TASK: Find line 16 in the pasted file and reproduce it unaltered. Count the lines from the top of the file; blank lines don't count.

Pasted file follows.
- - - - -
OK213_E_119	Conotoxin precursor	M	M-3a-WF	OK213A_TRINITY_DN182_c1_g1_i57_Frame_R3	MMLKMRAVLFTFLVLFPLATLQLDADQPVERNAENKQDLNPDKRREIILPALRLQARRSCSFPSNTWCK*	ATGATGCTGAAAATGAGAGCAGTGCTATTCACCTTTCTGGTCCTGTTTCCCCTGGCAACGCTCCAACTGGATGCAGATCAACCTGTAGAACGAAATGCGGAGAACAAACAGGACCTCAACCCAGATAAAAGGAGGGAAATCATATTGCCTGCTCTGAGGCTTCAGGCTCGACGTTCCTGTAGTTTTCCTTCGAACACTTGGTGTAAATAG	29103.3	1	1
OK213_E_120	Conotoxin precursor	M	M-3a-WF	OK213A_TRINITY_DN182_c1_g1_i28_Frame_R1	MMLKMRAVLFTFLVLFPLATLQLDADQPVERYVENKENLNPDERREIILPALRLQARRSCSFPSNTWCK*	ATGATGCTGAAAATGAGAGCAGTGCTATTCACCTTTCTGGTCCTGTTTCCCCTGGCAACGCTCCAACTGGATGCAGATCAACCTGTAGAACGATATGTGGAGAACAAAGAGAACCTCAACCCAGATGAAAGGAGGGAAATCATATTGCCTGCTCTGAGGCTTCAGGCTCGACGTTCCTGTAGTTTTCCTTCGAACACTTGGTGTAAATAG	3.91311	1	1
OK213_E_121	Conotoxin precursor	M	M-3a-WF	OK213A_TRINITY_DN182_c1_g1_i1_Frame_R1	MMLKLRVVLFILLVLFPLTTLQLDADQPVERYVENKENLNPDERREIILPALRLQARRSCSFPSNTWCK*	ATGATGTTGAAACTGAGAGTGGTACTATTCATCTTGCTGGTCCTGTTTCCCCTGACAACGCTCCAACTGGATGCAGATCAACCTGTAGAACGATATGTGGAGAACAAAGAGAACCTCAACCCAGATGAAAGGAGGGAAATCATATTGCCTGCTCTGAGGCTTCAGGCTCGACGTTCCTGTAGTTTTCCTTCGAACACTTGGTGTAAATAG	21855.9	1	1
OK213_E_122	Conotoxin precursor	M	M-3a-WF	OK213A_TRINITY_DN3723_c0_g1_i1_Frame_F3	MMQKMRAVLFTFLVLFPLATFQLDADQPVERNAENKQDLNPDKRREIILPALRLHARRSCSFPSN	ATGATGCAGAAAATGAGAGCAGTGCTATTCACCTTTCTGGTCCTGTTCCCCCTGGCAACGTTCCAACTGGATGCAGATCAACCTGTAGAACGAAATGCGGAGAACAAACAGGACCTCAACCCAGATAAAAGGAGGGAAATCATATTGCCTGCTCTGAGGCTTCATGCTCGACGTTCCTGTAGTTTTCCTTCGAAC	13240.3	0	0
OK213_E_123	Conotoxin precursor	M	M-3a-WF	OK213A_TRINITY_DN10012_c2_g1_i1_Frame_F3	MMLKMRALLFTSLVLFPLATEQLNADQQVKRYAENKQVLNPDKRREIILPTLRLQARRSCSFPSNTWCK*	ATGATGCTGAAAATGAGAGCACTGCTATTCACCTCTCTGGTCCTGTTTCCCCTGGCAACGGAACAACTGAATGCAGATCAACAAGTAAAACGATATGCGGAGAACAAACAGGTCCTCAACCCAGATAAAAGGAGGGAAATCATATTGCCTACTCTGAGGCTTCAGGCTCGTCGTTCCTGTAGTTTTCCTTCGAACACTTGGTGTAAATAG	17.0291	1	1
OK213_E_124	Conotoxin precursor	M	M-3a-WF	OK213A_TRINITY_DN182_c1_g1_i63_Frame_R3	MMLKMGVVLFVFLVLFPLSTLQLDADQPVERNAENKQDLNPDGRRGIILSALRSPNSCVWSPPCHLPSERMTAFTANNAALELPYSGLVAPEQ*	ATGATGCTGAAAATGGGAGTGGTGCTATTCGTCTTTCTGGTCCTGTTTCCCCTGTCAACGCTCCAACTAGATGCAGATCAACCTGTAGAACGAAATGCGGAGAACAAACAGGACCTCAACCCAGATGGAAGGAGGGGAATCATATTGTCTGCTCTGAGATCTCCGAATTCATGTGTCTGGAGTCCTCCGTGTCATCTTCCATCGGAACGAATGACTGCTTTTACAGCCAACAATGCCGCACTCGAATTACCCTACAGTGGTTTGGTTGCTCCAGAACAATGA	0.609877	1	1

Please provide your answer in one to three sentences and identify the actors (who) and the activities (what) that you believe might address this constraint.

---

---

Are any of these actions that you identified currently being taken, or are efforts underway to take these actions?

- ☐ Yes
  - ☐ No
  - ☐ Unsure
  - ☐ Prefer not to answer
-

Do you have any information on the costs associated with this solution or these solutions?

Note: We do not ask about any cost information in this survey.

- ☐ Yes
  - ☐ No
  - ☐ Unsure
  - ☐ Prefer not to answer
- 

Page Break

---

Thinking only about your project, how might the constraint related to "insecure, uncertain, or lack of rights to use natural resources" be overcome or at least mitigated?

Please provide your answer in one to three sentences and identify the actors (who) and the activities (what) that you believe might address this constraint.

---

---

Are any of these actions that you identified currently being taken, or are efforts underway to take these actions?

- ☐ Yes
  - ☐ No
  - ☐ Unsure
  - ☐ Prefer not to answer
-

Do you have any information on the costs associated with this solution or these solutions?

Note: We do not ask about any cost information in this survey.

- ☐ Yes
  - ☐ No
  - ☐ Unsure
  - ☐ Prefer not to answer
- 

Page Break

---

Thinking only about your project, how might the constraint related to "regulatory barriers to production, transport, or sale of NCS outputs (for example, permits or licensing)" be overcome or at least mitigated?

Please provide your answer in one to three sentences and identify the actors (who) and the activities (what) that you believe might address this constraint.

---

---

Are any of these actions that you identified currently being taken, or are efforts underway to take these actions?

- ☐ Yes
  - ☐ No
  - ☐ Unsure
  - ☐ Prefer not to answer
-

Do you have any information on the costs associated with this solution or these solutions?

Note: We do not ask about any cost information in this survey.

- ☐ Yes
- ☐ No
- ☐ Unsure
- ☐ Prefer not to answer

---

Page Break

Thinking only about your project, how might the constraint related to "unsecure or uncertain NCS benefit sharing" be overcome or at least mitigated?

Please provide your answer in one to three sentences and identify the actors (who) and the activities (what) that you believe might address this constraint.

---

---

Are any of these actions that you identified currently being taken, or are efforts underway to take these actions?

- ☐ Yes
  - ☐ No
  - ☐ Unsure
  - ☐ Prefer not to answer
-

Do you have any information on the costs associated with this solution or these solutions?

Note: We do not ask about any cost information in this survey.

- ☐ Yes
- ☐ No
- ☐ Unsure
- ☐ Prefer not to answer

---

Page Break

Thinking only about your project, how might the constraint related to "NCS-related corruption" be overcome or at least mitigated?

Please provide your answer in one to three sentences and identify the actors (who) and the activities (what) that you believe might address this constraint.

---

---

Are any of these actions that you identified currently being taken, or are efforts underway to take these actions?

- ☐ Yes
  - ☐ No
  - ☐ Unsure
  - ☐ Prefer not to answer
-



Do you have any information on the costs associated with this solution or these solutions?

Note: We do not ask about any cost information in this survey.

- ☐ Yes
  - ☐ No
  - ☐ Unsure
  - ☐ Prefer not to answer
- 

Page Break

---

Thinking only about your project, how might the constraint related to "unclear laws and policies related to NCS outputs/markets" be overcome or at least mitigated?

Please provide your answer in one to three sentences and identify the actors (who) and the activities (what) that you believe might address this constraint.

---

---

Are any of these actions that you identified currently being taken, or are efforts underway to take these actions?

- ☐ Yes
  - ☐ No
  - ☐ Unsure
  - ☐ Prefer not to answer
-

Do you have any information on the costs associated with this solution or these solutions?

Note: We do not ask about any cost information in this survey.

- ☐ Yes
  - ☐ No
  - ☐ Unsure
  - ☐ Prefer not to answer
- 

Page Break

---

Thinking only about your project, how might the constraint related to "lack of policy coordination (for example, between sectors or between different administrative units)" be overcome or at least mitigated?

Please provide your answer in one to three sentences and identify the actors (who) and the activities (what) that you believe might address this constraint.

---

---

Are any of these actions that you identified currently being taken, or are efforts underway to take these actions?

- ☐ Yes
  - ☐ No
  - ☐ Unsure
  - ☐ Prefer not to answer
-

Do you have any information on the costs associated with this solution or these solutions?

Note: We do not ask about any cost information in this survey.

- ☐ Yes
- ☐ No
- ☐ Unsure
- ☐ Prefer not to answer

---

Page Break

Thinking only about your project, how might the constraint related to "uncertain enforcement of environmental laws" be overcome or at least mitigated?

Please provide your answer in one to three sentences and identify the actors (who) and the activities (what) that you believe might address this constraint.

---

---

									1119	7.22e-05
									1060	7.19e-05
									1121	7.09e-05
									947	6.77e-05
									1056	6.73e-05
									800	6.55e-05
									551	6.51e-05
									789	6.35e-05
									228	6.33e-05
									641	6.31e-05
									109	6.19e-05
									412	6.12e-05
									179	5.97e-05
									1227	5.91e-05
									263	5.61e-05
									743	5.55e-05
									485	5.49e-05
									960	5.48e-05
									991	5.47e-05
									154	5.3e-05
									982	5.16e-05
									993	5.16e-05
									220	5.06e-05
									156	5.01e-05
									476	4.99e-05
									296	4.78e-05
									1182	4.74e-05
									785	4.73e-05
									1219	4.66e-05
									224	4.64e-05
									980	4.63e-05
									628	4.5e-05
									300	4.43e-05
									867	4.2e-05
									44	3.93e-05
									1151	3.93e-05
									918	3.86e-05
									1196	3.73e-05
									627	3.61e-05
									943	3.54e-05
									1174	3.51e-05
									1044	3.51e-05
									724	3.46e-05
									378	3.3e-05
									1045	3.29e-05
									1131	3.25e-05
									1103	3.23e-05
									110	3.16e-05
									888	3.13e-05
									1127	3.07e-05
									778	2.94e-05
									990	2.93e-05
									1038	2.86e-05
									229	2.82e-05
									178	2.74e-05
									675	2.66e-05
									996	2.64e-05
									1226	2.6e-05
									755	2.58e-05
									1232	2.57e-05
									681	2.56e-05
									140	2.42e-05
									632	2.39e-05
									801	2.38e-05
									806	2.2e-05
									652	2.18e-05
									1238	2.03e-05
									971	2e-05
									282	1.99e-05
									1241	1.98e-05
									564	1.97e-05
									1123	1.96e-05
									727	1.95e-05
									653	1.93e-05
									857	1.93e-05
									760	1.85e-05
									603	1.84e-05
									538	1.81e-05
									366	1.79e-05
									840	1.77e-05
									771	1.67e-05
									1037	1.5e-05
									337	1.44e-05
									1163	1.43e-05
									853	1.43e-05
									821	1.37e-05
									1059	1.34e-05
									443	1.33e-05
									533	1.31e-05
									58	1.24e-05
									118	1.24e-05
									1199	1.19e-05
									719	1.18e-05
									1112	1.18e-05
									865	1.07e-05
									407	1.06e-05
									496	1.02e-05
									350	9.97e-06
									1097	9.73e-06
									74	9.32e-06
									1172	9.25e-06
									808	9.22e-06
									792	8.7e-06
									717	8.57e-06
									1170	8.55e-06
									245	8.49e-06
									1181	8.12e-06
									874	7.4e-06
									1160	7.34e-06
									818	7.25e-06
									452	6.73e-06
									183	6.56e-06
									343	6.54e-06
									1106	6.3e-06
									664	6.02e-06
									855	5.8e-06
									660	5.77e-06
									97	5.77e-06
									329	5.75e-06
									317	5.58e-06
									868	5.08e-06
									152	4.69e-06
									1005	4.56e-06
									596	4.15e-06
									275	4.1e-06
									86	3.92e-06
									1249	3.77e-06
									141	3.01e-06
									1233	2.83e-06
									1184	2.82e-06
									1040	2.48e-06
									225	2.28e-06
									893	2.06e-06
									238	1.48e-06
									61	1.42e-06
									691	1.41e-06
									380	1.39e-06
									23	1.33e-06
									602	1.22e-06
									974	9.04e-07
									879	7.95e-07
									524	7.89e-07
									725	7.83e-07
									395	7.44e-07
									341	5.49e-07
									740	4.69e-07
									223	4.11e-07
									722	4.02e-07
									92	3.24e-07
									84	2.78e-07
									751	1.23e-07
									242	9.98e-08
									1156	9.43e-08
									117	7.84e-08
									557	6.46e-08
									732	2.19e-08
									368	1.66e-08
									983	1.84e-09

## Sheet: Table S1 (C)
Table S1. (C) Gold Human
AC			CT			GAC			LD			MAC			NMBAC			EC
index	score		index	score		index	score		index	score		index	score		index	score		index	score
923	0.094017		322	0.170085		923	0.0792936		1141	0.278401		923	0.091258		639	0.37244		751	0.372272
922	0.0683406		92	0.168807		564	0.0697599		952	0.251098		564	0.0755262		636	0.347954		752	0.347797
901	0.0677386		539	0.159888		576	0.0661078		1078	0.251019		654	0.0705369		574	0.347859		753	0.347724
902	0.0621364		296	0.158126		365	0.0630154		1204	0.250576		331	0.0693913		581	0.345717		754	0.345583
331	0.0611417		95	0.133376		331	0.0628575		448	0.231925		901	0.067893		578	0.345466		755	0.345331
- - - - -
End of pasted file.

Do you have any information on the costs associated with this solution or these solutions?